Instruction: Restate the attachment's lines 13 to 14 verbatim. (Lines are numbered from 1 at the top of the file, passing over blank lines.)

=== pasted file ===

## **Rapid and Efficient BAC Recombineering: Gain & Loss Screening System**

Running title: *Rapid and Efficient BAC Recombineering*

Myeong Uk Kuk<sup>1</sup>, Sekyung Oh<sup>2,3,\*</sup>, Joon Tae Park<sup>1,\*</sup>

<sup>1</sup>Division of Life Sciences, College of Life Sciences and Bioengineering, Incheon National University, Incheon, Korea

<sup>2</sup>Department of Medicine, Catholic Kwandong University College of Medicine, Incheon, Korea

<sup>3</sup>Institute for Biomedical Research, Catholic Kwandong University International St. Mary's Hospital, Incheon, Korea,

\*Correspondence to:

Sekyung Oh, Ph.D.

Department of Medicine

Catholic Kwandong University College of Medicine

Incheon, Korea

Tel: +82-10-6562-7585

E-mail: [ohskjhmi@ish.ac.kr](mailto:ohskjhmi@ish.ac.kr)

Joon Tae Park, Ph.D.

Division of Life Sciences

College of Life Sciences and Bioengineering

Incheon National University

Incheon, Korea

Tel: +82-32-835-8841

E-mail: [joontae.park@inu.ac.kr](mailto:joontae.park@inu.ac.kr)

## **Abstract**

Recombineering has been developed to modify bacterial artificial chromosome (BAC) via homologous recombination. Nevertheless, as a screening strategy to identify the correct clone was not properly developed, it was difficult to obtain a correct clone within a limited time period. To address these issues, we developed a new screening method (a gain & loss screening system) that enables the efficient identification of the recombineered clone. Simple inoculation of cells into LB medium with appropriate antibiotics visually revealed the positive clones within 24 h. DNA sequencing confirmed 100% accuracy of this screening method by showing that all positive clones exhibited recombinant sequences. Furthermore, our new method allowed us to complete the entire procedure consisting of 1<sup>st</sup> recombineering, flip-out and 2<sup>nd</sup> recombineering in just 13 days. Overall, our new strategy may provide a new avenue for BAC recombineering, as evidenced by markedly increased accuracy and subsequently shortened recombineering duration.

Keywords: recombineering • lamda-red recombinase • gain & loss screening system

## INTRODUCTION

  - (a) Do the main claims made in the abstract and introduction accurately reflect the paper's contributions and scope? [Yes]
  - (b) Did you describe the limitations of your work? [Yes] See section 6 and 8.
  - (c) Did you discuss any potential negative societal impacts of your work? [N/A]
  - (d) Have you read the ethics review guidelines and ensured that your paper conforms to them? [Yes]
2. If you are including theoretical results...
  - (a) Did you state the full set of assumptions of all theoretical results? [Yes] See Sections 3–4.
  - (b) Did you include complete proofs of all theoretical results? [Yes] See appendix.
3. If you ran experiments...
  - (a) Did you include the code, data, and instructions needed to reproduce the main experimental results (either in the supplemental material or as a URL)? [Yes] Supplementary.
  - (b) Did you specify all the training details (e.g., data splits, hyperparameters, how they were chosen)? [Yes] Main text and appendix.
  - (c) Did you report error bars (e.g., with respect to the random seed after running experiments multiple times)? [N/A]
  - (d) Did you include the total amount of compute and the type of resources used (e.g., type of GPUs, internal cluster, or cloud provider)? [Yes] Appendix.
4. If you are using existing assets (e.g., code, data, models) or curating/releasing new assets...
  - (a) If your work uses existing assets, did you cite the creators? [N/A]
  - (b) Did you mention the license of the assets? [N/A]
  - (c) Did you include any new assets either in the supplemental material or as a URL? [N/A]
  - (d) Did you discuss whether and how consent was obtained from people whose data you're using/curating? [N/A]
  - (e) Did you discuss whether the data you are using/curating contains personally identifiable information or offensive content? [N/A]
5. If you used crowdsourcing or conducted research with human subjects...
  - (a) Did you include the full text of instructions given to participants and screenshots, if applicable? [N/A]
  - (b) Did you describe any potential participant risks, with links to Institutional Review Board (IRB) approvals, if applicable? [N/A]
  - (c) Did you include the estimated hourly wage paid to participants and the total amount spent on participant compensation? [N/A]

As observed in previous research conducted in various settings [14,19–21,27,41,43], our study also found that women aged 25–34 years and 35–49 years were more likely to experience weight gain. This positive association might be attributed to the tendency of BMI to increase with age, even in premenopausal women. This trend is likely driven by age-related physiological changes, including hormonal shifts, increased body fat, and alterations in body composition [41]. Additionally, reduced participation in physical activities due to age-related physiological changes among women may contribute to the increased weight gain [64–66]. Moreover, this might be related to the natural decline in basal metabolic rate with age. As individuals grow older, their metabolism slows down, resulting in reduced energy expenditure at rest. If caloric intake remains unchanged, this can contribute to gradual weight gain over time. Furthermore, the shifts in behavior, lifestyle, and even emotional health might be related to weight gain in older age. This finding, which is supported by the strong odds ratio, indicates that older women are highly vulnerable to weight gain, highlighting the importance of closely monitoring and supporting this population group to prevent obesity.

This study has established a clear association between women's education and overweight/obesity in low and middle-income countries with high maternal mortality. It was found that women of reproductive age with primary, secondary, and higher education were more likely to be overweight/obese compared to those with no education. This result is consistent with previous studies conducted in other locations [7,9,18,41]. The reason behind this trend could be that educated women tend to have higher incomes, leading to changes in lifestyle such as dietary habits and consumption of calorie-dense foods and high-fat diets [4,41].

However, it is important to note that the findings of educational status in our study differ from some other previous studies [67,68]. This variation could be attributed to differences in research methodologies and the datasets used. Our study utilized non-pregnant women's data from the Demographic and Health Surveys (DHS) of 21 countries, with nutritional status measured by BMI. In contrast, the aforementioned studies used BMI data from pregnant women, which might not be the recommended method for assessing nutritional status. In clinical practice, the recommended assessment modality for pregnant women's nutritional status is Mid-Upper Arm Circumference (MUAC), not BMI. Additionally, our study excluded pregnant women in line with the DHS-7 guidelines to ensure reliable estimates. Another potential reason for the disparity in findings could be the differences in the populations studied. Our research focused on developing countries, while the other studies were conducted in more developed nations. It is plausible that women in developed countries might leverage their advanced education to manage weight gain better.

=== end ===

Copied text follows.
E-mail: [ohskjhmi@ish.ac.kr](mailto:ohskjhmi@ish.ac.kr)

Joon Tae Park, Ph.D.